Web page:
A current catchphrase among policymakers, business leaders and economists is the term “big data.” It refers to data both large and small which has an impact on society. Mostly, the term is used to describe data produced by private corporations like Google, Microsoft and Facebook, that track consumer buying trends.
But, big data is most certainly compiled by our national government on a regular basis by the U.S. Census Bureau as part of its $900 million annual budget. It is important information including data tracking the unemployment rate, housing statistics, the gross domestic product (GDP) and the nation’s poverty rate.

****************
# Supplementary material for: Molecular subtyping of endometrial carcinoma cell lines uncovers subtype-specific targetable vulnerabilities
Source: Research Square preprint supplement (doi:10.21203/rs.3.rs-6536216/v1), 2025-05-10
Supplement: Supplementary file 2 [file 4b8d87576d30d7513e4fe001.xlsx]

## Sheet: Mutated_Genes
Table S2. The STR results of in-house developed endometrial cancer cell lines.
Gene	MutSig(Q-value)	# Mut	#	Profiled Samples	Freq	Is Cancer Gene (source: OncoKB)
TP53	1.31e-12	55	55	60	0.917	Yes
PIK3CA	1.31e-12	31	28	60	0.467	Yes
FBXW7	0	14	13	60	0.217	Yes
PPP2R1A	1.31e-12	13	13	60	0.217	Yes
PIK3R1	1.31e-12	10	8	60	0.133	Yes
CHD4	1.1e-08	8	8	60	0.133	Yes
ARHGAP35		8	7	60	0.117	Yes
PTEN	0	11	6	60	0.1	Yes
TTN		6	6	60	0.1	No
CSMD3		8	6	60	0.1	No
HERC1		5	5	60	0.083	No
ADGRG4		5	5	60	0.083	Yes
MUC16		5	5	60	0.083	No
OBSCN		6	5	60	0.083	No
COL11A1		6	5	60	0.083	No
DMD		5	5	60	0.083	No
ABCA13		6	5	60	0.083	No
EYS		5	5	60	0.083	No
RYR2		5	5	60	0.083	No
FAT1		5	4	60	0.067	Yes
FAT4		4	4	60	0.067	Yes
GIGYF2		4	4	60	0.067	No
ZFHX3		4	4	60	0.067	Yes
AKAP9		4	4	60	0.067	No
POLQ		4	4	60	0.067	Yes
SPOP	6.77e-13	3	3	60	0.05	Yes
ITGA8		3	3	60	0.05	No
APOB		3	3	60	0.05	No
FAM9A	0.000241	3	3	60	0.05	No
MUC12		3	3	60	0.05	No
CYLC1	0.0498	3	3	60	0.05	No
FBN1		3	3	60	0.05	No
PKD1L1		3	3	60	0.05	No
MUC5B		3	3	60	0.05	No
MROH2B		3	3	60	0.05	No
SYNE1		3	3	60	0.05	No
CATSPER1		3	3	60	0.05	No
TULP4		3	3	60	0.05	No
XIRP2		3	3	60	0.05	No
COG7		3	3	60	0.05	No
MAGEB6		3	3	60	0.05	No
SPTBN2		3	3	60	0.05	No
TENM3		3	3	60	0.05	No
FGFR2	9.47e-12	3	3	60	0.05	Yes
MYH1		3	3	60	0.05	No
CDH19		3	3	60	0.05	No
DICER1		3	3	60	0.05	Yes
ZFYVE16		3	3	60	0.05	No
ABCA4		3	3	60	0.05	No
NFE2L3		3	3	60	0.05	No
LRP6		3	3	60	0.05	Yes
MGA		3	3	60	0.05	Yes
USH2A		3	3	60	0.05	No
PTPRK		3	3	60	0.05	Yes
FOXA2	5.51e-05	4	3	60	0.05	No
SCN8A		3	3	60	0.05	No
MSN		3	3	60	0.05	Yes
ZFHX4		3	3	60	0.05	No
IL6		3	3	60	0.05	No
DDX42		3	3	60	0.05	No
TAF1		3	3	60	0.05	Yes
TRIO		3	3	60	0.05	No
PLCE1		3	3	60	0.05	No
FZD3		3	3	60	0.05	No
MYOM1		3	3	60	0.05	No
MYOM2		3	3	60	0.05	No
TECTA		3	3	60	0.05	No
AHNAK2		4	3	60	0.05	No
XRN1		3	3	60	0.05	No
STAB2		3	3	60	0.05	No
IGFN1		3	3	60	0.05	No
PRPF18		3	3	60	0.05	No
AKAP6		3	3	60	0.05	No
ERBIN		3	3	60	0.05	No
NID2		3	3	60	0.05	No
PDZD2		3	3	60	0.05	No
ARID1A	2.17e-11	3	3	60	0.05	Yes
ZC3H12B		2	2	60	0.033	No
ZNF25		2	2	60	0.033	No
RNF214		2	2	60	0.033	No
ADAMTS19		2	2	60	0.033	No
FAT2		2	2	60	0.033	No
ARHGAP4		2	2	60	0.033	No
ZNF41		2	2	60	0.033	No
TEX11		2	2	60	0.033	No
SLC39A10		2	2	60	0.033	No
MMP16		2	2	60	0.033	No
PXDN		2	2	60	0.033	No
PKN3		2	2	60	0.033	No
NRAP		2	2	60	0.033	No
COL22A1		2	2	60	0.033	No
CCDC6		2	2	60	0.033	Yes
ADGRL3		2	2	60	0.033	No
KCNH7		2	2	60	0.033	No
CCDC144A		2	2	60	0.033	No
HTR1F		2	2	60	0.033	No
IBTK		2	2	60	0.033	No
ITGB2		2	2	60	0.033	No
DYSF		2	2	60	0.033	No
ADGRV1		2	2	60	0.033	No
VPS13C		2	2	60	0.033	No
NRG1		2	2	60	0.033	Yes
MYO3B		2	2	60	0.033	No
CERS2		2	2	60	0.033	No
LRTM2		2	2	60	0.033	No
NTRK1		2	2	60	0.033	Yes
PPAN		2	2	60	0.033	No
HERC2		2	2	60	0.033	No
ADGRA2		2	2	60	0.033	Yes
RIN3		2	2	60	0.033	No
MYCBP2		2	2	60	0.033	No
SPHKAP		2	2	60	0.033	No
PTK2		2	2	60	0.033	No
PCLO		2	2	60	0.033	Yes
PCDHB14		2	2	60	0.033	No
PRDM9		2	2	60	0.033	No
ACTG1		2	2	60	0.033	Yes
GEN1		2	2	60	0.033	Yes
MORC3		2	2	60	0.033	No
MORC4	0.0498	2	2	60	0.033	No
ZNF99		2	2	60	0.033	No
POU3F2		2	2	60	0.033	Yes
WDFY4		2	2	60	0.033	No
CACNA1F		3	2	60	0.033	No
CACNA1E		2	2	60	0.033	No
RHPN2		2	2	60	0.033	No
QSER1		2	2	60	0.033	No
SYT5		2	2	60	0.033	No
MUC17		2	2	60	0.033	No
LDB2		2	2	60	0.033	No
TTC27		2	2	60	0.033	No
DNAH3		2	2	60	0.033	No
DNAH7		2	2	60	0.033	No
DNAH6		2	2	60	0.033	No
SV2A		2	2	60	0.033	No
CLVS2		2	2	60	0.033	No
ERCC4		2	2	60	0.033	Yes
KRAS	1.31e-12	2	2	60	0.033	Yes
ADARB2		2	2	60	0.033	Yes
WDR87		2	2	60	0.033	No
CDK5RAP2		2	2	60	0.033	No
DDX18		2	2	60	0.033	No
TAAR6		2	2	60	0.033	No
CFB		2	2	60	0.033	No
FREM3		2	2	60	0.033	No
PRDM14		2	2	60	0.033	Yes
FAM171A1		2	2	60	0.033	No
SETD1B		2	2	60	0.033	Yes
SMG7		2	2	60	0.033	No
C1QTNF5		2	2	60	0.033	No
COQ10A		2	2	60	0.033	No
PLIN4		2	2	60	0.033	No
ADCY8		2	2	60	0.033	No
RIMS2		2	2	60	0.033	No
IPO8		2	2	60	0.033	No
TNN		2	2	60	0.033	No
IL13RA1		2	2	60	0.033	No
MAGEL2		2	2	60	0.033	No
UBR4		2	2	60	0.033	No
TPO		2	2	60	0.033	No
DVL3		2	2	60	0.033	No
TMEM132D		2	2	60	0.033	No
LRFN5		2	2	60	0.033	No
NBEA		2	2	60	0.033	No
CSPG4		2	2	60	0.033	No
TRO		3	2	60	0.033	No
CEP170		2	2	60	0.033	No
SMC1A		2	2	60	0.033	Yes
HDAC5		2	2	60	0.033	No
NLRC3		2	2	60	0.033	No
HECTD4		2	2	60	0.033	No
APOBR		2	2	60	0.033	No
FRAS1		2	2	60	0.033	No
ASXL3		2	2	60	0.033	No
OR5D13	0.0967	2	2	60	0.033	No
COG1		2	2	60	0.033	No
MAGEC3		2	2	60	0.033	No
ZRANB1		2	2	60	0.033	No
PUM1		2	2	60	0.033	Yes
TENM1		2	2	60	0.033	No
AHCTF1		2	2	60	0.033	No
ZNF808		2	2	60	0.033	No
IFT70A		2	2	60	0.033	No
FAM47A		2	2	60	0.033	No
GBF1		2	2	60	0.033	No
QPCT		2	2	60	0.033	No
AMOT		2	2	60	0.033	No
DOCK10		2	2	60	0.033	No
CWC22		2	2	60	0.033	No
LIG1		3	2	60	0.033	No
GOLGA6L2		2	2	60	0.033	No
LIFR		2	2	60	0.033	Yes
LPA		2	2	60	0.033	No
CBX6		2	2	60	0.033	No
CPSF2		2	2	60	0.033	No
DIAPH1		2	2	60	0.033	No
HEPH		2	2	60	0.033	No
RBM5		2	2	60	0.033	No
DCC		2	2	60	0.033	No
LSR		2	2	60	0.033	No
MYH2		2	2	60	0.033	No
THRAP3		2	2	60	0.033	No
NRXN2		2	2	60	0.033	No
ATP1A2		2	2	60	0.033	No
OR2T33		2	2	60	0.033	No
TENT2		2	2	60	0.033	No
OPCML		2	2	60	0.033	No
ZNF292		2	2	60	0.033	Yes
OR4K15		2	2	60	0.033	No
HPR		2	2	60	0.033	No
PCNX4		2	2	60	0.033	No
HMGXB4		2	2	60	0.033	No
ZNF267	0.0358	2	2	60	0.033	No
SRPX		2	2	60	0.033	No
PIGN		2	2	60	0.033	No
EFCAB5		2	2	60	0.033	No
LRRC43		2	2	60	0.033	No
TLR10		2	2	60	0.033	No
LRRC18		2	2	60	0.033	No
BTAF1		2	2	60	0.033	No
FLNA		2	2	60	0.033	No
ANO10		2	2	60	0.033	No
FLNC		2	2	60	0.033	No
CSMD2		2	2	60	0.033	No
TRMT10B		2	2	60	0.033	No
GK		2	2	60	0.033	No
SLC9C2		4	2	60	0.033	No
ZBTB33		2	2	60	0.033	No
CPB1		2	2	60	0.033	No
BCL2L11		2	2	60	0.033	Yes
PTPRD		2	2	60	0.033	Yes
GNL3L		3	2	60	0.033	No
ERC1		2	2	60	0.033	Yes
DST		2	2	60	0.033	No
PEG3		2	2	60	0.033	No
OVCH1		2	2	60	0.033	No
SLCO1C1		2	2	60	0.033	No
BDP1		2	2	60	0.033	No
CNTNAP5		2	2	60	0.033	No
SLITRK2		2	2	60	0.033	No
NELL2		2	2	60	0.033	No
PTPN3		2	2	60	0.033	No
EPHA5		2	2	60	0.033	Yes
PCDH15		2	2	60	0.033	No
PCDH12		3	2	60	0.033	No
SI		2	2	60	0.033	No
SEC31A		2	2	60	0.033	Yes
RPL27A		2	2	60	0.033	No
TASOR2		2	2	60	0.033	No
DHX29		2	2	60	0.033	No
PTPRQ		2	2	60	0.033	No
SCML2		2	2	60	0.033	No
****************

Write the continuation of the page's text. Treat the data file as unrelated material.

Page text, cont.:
Data can affect policy. Doubtless, yearly data from the bureau showing that more than 1 in 8 Americans lacked health insurance led to current reforms. Having access to data has now become a Washington political football. As a recent New York Times editorial notes, “in an age when knowledge is power, restricting knowledge is a power grab.”
Tea Party member U.S. Representative Jeff Duncan (R-S.C.) recently introduced legislation which would eliminate all surveys taken by the Census Bureau except the constitutionally-mandated decennial census.
After all, as Jon Stewart exclaimed while commenting on the Duncan bill, “the gathering of data is a liberal conspiracy!”